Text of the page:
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Why I Stay: A Parable From A Progressive Catholic

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Of the fate of contemporary Catholics, Flannery O'Connor once said that we must suffer at least as much from the Church as for it. Certainly, the past weeks have been a cause for suffering for Catholics of all political stripes, but the suffering takes on a particular flavor for progressives. We are deluged by questions from those who think of themselves as our colleagues and comrades. Actually, only one question: "How can you still stay in the Church?"

When I answer, I insist that the terms be defined properly. It is an error of vocabulary to assume that "the Church" is a direct synonym for "the hierarchy," "the bishops," "the Vatican." Those of us of a certain age remember traveling abroad during the Vietnam years when we would be asked, "How can you still call yourself an American?" Our answer was: we are not the White House. We are not the Pentagon. We are the people protesting; America is larger than your words suggest. Why must I believe that the church is Pope Benedict and not the courageous nuns who took real risks to defy the American bishops on health care in the name of the poor whom they serve? Some say we owe the passage of health care to these brave women; their position would not have been so effective if they had been speaking not as nuns, whose lives had been dedicated to the Church, but, say, as a group of nurses or social workers. The Church has a very long history; this history includes a fair share of scoundrels; it also includes those whose heroism was achieved despite the opposition of the official Church: Joan of Arc and Oscar Romero, to name only two.

An important source of the Catholic imagination is the parables of Jesus, and so I would like to explain the position of people like me in the form of a parable.

There was a family that owned a very large house, surrounded by extensive property. It also owned a business which employed many people and controlled great assets. Through a series of machinations, the family business and most of the wings of the house were taken over by a group of uncles: the most rigid, punitive, and aggressive of the family. One part of the family was relegated to one of the house's side wings. The uncles kept insisting that they really had no right to be in the house at all; their proof was the architecture of their wing: it had so many open doors, and the uncles were very distressed that they had no control over who was going in and going out. The marginal people said they thought maybe that wasn't so important. Meanwhile, the uncles surrounded the windows of their house with increasingly strong steel bars; they included metal detectors at the doors, and a machine for reading retinal prints, just to make sure they were firmly in control.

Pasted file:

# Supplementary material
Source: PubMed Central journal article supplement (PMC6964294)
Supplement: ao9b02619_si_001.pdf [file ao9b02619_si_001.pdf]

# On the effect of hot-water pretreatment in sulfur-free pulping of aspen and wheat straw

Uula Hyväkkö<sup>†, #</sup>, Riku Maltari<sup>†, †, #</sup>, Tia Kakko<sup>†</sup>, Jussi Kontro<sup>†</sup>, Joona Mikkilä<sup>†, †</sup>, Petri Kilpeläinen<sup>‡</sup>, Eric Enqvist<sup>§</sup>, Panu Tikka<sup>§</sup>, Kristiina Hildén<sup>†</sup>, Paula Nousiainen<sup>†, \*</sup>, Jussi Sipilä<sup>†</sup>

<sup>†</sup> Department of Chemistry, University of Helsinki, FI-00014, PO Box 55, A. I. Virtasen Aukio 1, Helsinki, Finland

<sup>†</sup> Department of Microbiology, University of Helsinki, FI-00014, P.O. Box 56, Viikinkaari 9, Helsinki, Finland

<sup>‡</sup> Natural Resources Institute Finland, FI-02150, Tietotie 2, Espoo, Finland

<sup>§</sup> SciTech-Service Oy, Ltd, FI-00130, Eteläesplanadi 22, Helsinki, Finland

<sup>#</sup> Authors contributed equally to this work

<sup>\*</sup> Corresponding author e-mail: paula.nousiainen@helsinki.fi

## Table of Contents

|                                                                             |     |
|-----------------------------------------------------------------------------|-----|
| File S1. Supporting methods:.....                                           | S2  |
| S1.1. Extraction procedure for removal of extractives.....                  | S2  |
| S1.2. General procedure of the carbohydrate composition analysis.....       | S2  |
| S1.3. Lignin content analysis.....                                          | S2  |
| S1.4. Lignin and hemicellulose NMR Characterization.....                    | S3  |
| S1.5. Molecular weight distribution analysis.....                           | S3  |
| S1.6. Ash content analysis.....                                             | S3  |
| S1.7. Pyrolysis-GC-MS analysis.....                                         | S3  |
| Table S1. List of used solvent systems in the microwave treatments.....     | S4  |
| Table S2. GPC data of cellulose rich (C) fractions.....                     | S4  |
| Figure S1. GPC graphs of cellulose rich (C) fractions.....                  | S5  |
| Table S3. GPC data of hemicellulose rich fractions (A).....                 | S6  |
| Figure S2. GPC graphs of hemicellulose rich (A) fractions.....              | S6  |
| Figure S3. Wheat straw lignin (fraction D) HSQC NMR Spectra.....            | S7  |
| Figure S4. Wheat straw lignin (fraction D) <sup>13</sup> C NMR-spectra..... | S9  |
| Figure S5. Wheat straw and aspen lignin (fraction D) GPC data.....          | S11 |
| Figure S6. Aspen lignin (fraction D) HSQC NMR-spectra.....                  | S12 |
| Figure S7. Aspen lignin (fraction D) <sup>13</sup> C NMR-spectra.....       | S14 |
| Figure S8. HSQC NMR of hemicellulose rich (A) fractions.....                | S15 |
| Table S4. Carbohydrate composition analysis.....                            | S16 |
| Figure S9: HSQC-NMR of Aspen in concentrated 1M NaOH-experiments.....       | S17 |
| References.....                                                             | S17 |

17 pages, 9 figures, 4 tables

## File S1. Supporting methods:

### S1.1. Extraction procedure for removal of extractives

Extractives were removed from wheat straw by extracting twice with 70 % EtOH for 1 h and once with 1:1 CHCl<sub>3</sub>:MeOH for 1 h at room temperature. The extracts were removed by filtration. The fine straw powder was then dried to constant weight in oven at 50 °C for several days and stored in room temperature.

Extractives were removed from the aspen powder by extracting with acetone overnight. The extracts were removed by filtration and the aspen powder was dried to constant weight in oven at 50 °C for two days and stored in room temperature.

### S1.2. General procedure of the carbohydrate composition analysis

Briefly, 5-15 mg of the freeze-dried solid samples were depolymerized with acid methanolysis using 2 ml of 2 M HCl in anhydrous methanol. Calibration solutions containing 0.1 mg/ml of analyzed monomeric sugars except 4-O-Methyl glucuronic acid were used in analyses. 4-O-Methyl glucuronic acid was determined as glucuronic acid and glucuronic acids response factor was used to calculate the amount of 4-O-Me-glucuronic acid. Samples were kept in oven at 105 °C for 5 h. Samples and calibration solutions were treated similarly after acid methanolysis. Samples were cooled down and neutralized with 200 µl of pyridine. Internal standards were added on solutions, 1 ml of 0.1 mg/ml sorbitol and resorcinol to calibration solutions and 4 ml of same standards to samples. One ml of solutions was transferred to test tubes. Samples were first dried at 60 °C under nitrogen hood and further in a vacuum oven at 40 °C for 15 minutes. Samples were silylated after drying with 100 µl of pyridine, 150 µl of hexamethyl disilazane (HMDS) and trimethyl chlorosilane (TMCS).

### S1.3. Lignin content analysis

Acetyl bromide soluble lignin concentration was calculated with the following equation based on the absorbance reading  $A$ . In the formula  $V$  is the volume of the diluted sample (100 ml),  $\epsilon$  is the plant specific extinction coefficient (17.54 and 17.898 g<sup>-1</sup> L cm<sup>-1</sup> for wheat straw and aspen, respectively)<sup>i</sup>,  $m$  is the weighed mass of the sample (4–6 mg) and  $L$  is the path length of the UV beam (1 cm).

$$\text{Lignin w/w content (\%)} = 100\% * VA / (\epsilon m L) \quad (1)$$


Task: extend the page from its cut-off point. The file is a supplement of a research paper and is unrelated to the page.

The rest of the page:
The marginal people were aware of the great psychic cost of inhabiting the part of the house that was so fragile and so far from the center. Also, they were aware that the uncles controlled the money and had it in them to cut off the heat and the water, make it impossible that they continue to meet, serve, and eat with their friends.

"How can you stay?" their friends kept asking. "In staying, don't you suggest that you are one with the uncles?" But the marginal people refused to leave. Because they knew that their father had left them the house as well, and if they left, it would be only in possession of the uncles. And they believed that the house was too important for that. For one thing, they worried about all the folks who wouldn't make it through the uncles' detection systems.

How do some of us stay in the Church? In grief, in sadness, with a resolve not to be shut out by those who say they are speaking in the name of the Father. We just don't believe them. The Church is not an institution; it is the people, people who are now wounded and scandalized, not only by the sexual crimes of priests, but more important, by the cover-up by those in power. In 1959 the election of Pope John XXIII was a surprise, a kind of miracle. It happened once. It could happen again. We wait, in stubborn hope, for the return of miracle. We want to make sure some of us are at home when it happens.

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